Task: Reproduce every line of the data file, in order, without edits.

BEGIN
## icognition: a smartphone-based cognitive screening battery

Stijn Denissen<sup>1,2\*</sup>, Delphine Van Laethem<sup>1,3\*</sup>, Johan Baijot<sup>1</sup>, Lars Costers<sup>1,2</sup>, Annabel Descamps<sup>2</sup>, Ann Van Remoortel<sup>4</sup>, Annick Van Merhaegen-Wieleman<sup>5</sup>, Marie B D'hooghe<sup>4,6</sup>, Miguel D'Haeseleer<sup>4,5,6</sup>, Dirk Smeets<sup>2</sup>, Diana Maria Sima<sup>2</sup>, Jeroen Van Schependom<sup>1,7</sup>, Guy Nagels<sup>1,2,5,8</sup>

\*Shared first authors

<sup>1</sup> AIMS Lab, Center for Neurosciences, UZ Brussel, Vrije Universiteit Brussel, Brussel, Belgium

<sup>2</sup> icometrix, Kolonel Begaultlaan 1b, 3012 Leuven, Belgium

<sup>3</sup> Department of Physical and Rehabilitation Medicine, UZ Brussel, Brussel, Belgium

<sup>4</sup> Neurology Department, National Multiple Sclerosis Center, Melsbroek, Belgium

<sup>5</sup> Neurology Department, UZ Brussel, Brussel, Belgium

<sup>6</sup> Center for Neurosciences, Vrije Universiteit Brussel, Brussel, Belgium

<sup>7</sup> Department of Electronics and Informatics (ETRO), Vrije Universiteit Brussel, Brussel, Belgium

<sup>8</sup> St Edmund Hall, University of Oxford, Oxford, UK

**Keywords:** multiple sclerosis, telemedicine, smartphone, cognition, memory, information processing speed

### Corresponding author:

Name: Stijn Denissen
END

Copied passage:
## icognition: a smartphone-based cognitive screening battery

Stijn Denissen<sup>1,2\*</sup>, Delphine Van Laethem<sup>1,3\*</sup>, Johan Baijot<sup>1</sup>, Lars Costers<sup>1,2</sup>, Annabel Descamps<sup>2</sup>, Ann Van Remoortel<sup>4</sup>, Annick Van Merhaegen-Wieleman<sup>5</sup>, Marie B D'hooghe<sup>4,6</sup>, Miguel D'Haeseleer<sup>4,5,6</sup>, Dirk Smeets<sup>2</sup>, Diana Maria Sima<sup>2</sup>, Jeroen Van Schependom<sup>1,7</sup>, Guy Nagels<sup>1,2,5,8</sup>

\*Shared first authors

<sup>1</sup> AIMS Lab, Center for Neurosciences, UZ Brussel, Vrije Universiteit Brussel, Brussel, Belgium

<sup>2</sup> icometrix, Kolonel Begaultlaan 1b, 3012 Leuven, Belgium

<sup>3</sup> Department of Physical and Rehabilitation Medicine, UZ Brussel, Brussel, Belgium

<sup>4</sup> Neurology Department, National Multiple Sclerosis Center, Melsbroek, Belgium

<sup>5</sup> Neurology Department, UZ Brussel, Brussel, Belgium

<sup>6</sup> Center for Neurosciences, Vrije Universiteit Brussel, Brussel, Belgium

<sup>7</sup> Department of Electronics and Informatics (ETRO), Vrije Universiteit Brussel, Brussel, Belgium

<sup>8</sup> St Edmund Hall, University of Oxford, Oxford, UK

**Keywords:** multiple sclerosis, telemedicine, smartphone, cognition, memory, information processing speed

### Corresponding author:

Name: Stijn Denissen